The Mexican fine wine industry is still in its infancy, but results so far are promising. For wine lovers right now the challenge is twofold: identifying what these up-and-coming wineries do best, and then locating their wines. Production and export are small, and they are more likely to be found in better urban restaurants than in retail shops. Naturally, Mexican vintners are hoping this will soon change. Mexican labels are simple, giving brand, producer, and vintage. Varietal types are often indicated, but this is optional. The best wines, “reservas” or "reservas privadas" (alas, we still don't have any "gran reserva") are more likely to be made with modern and traditional winemaking techniques in a dry modern style that emphasizes fruit.

Domecq purchases all its grapes instead of owning their own vineyards. L.A. Cetto has three major levels of wine: commercial blends, a single varietal series, and their “Limited Reserve.” In addition to the more usual varietals they also sell Chenin Blanc, Malbec, and Tempranillo wines, the Californian specialties of Zinfandel and Petite Syrah, and finally some wines that acknowledge their Italian heritage – a Limited Reserve Nebbiolo and a Passito dessert wine (made from dried grapes). Between them Domecq and L.A. Cetto account for about 80% of Mexico’s yearly production of 1.6 million cases, and both companies export about 40% of their wine.

Here’s a short list of desirable northern Baja wines.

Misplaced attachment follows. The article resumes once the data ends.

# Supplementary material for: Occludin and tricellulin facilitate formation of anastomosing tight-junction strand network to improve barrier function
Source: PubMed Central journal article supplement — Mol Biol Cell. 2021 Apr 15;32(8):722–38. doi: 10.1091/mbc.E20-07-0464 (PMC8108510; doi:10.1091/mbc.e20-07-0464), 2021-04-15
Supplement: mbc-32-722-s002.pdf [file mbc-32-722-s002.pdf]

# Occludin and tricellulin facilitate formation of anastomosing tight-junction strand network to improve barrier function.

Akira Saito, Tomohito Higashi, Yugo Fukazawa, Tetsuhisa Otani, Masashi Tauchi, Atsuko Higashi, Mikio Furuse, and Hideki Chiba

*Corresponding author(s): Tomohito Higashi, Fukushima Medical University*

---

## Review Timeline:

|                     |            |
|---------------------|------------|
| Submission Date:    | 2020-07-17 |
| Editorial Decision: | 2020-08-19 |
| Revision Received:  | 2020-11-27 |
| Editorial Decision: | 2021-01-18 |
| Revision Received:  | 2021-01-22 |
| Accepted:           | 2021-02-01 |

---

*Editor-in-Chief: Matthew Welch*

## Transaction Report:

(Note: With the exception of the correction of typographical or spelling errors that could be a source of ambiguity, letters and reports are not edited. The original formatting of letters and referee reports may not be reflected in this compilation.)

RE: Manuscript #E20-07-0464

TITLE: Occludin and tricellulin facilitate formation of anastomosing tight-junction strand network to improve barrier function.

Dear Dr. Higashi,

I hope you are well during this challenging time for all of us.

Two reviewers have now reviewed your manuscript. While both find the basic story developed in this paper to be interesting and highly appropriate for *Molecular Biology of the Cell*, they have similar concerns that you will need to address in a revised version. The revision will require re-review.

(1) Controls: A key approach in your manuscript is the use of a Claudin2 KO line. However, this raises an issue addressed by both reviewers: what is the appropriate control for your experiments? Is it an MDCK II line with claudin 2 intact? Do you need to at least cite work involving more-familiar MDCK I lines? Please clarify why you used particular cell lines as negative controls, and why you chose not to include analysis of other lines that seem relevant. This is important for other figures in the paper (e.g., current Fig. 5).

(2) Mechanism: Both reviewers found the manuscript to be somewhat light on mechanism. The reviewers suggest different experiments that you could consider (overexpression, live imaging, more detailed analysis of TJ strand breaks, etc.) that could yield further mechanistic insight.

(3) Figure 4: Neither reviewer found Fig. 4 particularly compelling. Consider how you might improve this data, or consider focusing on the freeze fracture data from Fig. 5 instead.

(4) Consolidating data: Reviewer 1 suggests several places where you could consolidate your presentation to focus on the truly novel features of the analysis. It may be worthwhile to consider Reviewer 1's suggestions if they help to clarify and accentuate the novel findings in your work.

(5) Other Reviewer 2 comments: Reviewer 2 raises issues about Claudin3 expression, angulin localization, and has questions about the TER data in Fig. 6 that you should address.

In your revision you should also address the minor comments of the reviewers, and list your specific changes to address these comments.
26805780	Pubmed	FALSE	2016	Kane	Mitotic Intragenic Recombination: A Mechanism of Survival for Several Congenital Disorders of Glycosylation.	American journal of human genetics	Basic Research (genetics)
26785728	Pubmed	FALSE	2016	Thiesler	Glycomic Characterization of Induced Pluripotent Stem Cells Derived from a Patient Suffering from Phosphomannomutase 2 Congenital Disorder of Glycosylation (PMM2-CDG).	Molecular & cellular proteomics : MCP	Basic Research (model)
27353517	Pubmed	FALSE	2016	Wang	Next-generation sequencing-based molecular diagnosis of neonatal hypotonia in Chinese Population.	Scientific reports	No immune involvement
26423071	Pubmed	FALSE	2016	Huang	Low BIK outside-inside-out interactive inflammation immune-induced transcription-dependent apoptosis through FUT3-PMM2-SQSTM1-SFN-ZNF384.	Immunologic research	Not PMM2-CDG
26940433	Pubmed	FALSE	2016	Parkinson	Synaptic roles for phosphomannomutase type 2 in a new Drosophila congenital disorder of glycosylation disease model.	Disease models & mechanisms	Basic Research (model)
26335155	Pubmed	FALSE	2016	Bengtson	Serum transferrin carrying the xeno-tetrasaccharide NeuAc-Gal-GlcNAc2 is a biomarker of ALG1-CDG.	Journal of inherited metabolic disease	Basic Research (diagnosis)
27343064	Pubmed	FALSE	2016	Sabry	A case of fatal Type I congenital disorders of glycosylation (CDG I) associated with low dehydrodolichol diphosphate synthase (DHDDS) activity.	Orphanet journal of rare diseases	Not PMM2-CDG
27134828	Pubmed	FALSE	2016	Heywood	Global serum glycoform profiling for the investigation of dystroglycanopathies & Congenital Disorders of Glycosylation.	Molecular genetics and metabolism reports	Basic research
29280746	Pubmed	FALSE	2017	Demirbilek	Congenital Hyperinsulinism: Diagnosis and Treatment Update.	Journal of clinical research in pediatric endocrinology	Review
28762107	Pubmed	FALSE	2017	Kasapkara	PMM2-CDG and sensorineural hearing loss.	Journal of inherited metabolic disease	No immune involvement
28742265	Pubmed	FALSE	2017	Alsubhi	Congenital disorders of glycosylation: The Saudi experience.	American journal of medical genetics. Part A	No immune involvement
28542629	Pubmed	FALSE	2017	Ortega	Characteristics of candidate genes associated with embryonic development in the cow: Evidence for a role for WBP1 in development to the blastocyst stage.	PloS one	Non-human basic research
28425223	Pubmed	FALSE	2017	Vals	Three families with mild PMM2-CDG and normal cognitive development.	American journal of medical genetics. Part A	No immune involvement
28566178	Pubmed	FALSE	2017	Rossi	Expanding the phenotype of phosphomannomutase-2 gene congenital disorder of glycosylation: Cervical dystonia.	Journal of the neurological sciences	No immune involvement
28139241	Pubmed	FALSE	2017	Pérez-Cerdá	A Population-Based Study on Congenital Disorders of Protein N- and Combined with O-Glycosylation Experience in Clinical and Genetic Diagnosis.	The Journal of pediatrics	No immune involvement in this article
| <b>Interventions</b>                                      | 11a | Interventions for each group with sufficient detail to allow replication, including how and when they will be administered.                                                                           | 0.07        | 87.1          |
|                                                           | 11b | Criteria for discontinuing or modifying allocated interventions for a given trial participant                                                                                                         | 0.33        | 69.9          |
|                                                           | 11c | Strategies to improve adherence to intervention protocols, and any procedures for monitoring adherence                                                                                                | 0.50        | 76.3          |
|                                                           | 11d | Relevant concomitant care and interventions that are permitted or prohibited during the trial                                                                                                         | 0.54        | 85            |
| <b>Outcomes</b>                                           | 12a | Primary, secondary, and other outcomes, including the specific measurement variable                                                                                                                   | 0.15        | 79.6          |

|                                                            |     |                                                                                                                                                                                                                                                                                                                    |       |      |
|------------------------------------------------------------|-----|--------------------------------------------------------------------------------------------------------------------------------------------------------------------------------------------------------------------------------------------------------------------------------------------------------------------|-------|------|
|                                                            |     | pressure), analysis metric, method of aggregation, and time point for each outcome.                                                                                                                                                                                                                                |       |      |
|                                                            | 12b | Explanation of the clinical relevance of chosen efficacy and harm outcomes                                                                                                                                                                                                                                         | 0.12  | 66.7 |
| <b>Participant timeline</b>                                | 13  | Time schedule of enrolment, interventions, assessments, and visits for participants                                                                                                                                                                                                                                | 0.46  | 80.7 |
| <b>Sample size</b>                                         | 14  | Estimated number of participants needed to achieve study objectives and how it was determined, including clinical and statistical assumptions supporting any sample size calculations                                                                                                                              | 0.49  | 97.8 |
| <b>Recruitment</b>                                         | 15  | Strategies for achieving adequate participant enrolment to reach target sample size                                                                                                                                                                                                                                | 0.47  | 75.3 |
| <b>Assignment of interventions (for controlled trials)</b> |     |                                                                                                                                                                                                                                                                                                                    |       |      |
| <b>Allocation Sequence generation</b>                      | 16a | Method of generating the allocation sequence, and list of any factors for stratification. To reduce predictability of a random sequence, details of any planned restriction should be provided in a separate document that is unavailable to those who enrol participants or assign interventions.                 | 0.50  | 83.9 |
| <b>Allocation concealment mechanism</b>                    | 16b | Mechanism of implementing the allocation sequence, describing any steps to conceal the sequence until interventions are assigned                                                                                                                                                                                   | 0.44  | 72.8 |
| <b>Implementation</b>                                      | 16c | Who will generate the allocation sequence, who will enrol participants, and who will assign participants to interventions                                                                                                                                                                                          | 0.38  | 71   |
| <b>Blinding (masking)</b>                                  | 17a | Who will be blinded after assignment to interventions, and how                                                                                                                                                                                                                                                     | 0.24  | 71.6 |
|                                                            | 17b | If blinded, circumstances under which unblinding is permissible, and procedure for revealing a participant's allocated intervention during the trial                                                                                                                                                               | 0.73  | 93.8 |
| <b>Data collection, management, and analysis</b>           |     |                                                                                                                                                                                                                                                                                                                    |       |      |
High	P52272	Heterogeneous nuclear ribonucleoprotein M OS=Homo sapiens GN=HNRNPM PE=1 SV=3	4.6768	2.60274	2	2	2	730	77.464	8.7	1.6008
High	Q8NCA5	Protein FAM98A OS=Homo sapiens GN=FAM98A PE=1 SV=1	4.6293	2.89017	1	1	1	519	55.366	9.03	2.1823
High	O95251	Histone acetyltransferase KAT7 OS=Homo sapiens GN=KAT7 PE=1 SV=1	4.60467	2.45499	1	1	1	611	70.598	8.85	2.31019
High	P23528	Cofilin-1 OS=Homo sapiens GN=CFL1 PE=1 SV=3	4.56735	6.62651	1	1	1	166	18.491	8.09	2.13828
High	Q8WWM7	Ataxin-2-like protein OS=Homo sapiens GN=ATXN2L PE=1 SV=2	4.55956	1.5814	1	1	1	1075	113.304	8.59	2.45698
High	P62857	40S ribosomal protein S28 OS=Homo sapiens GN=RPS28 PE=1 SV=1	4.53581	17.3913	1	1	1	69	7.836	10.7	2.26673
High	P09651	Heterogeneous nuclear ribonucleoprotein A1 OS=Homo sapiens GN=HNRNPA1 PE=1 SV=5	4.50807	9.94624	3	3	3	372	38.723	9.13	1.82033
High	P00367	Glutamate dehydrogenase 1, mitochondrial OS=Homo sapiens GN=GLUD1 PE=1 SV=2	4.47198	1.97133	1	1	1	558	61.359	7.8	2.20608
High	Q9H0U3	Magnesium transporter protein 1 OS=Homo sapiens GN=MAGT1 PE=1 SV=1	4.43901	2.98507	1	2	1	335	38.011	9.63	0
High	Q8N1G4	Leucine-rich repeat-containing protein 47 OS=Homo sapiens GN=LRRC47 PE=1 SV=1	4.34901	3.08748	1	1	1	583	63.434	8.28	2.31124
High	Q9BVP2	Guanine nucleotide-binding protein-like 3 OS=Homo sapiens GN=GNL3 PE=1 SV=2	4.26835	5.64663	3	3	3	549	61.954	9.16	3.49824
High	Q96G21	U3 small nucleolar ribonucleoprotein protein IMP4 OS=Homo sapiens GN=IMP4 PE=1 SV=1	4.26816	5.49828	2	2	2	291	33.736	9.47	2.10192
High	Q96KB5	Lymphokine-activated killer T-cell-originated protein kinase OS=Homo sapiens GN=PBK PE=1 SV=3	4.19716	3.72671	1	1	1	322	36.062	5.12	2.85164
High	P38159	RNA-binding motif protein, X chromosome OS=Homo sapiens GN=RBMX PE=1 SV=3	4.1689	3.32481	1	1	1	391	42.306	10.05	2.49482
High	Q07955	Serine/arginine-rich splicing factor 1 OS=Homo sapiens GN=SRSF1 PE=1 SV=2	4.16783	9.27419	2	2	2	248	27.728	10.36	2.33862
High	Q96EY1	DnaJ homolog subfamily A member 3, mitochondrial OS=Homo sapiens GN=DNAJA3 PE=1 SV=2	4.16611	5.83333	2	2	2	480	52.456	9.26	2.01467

2001 Cabernet Sauvignon

1999 Divino (sweet white)

2002 Blanc de Blanc (white blend)

2001 Zinfandel

2002 Semillon Sauvignon Blanc

2001 Syrah

2001 Tempranillo Cabernet

2002 Tempranillo

As mentioned above, the best Mexican wines are being produced in the Baja California region near Ensenada, where a group of investors have been developing locally grown "Monte Xanic" varietal wines. It is suggested that you taste their 1996 or 1997 Cabernet Sauvignon and Cabernet Sauvignon/Merlot; they are now ready to be enjoyed, as they have good ageing potential (five to ten years).

From L.A. Cetto we would recommend "Reserva Privada 1993", a bordalese-type blend of Cabernet Sauvignon, Cabernet Franc and Merlot, aged in wood. All Cetto wines are made from grapes grown in the Guadalupe Valley a few miles northeast of Ensenada on Highway 3 en route to Tecate. See our archived June 2004 Newsletter for our article that chronicles the major stops and highlights along Highway 3 on your way to Tecate.

"Vino de Piedra" is a new brand label from Baja California to be followed and enjoyed; it is being made by the same wine-master who in 1996 and 1997, when working for the Santo Tomás winery, created the truly remarkable "Duetto" wine in a joint venture with Wente Brothers (USA).

Tasting other wines, apart from the above mentioned, could be a little adventurous, but never risky. While the region may not be ready to take on the best of Bordeaux, the wines of Mexico’s Baja region are coming into their own. An influx of European vintners looking for affordable vineyard property has sparked the recent growth of an area in which grapes have been cultivated for centuries.

Mexican wines are well worth trying, and have begun to lure vacationers to the source. Visitors to Baja California’s beaches and marinas find its wine country a pleasant side trip while visiting the beautiful seaside town of Ensenada, 90 miles south of San Diego. Ensenada’s annual Vendimia Wine Festival in August has been eagerly awaited, and better hotels partner local wines with lobsters and seafood year-round. Baja Mexican wines are being made increasingly available in Acapulco, Mexico City, Cancun and the larger American cities. Visit our Photo Page for wine country views of the Guadalupe Valley.